Karl Moore: This is Karl Moore of the Desautels Faculty of Management at McGill University, Talking Management for The Globe and Mail. Today I am delighted to speak to Lynda Gratton who is a senior professor at the London Business School.
Good Afternoon, Lynda.
Lynda Gratton: Hi!
KM: So Lynda, you have been looking at work for a long time, what do you see is the emerging world of work that we are in and looking forward to?
LG: You know, I just think that is the most fascinating question right now and over the last couple of years we at London Business School have run a very expansive project to look at the future of work, involving 200 executives from around the world, and basically what we are finding is that there are five forces that are really going to make a difference - globalization, technology, societal changes and then, of course, carbon is also going to be really important. So, we sort of see a real big change happening in terms of why we work, in terms of where we work, and in terms of how we work.
KM: Do you think it is a generational shift, or is it just the nature of the economy that we are in today?
LG: There is a big demographic going on. Clearly what we know is that Gen Y, currently in their early 20s, want a different way of working. They want more balance and that is not, by the way, just a Western phenomenon, but you see that in India and China as well. But of course, on top of that, is technology. Our friends from Nokia tell us that by 2020 five billion people will be connected to each other. I think that's an amazing question to ask, "What will five billion people do?" My guess is that will really change the way we live and will change the way that we work.
KM: So how do you see, looking forward 10 years, how do you think work will be different for the average person?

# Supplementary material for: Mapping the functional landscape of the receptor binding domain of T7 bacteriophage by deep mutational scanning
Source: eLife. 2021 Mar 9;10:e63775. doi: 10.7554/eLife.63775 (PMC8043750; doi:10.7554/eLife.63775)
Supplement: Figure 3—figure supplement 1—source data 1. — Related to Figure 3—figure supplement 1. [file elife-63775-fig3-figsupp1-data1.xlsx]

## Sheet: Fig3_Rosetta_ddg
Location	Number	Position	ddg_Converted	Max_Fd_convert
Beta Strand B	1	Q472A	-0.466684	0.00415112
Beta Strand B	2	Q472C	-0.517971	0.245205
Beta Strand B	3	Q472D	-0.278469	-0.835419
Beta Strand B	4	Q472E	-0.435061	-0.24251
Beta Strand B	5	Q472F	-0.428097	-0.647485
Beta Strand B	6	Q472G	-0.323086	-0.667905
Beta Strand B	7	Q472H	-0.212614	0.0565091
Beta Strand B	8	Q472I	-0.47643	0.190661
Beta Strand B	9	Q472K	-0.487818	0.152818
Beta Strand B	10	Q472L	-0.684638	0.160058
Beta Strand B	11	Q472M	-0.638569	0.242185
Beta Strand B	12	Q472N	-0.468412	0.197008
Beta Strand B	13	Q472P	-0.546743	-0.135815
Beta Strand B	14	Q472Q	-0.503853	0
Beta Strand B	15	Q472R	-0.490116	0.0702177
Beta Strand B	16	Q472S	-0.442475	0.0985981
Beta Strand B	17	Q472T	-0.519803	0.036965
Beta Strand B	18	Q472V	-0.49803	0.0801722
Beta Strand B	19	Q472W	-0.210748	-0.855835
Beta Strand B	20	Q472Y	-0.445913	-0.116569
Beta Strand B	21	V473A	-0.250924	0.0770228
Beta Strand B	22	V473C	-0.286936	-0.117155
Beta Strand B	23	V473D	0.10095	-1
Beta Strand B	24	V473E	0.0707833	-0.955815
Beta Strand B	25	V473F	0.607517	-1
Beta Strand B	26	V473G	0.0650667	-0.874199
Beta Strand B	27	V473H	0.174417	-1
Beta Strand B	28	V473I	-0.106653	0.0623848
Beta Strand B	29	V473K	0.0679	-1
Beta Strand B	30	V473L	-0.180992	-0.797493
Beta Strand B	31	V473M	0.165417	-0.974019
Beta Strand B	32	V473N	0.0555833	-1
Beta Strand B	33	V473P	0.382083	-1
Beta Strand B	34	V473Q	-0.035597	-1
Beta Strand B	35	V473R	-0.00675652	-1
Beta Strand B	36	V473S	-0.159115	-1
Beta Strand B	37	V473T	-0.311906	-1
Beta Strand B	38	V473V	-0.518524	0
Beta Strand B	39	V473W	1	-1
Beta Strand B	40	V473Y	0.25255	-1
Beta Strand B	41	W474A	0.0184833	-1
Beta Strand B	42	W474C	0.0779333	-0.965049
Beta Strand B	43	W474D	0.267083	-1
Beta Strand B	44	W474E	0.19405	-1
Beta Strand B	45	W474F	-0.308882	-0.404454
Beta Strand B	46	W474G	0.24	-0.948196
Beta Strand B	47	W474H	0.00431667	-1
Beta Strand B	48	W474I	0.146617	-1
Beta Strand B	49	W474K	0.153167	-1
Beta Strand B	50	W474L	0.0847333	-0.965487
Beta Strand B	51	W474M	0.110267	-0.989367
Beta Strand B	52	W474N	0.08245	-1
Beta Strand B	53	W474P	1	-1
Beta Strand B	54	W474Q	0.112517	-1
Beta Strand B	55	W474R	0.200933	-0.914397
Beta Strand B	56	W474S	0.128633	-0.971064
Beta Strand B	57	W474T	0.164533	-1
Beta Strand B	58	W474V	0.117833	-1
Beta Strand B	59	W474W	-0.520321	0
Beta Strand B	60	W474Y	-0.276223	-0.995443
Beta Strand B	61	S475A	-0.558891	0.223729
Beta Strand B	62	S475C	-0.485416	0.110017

LG: Well, I think for the average person it will become much more knowledge-based. I mean, there will always be work in factories, but of course more of that will be done by robots and automated, it will be more knowledge-based, more virtual - you are going to be linking up with colleagues all over the world, many of whom you haven't met - obviously more technologically enabled, and that has a bright side and a dark side. The dark side is isolation, fragmentation and the new poor emerging right across the world, those who don't have access to the global talent pools and the bright side is highly co-operative, possibly empathic, interesting and meaningful work and a more balanced life. I think those possibilities between the dark and the light is a very interesting area to be thinking about.
KM: It seems like, in our generation, we have been on a treadmill, running for years. Are you saying that you think we are getting to the end of the treadmill and that we simply can't act and work like this anymore?
LG: Well you know, certainly if you take a look at the new technologies that are coming up, fragmentation will only increase, the treadmill will only increase. There is no technology that is going to take the treadmill away. So the question that we face is, "Do we want to be a part of that treadmill?"
What I think is interesting is that our generation said, "Yes we will be happy to do that!" But the new generation, your sons and my sons and daughters, they want something different and actually, although we often think about organizational change being about the CEO, I think this time around it will be about young people and they will say, "We don't want to be a part of this. We want to start our own businesses." I am seeing a lot of what I would call micro-entrepreneurs emerging and, frankly, in many businesses now the barriers to entry are so low that you can start your own business with very little capital and more and more people around the world will want to do that.
KM: This has been Karl Moore of the Desautels Faculty of Management at McGill University, Talking Management for The Globe and Mail.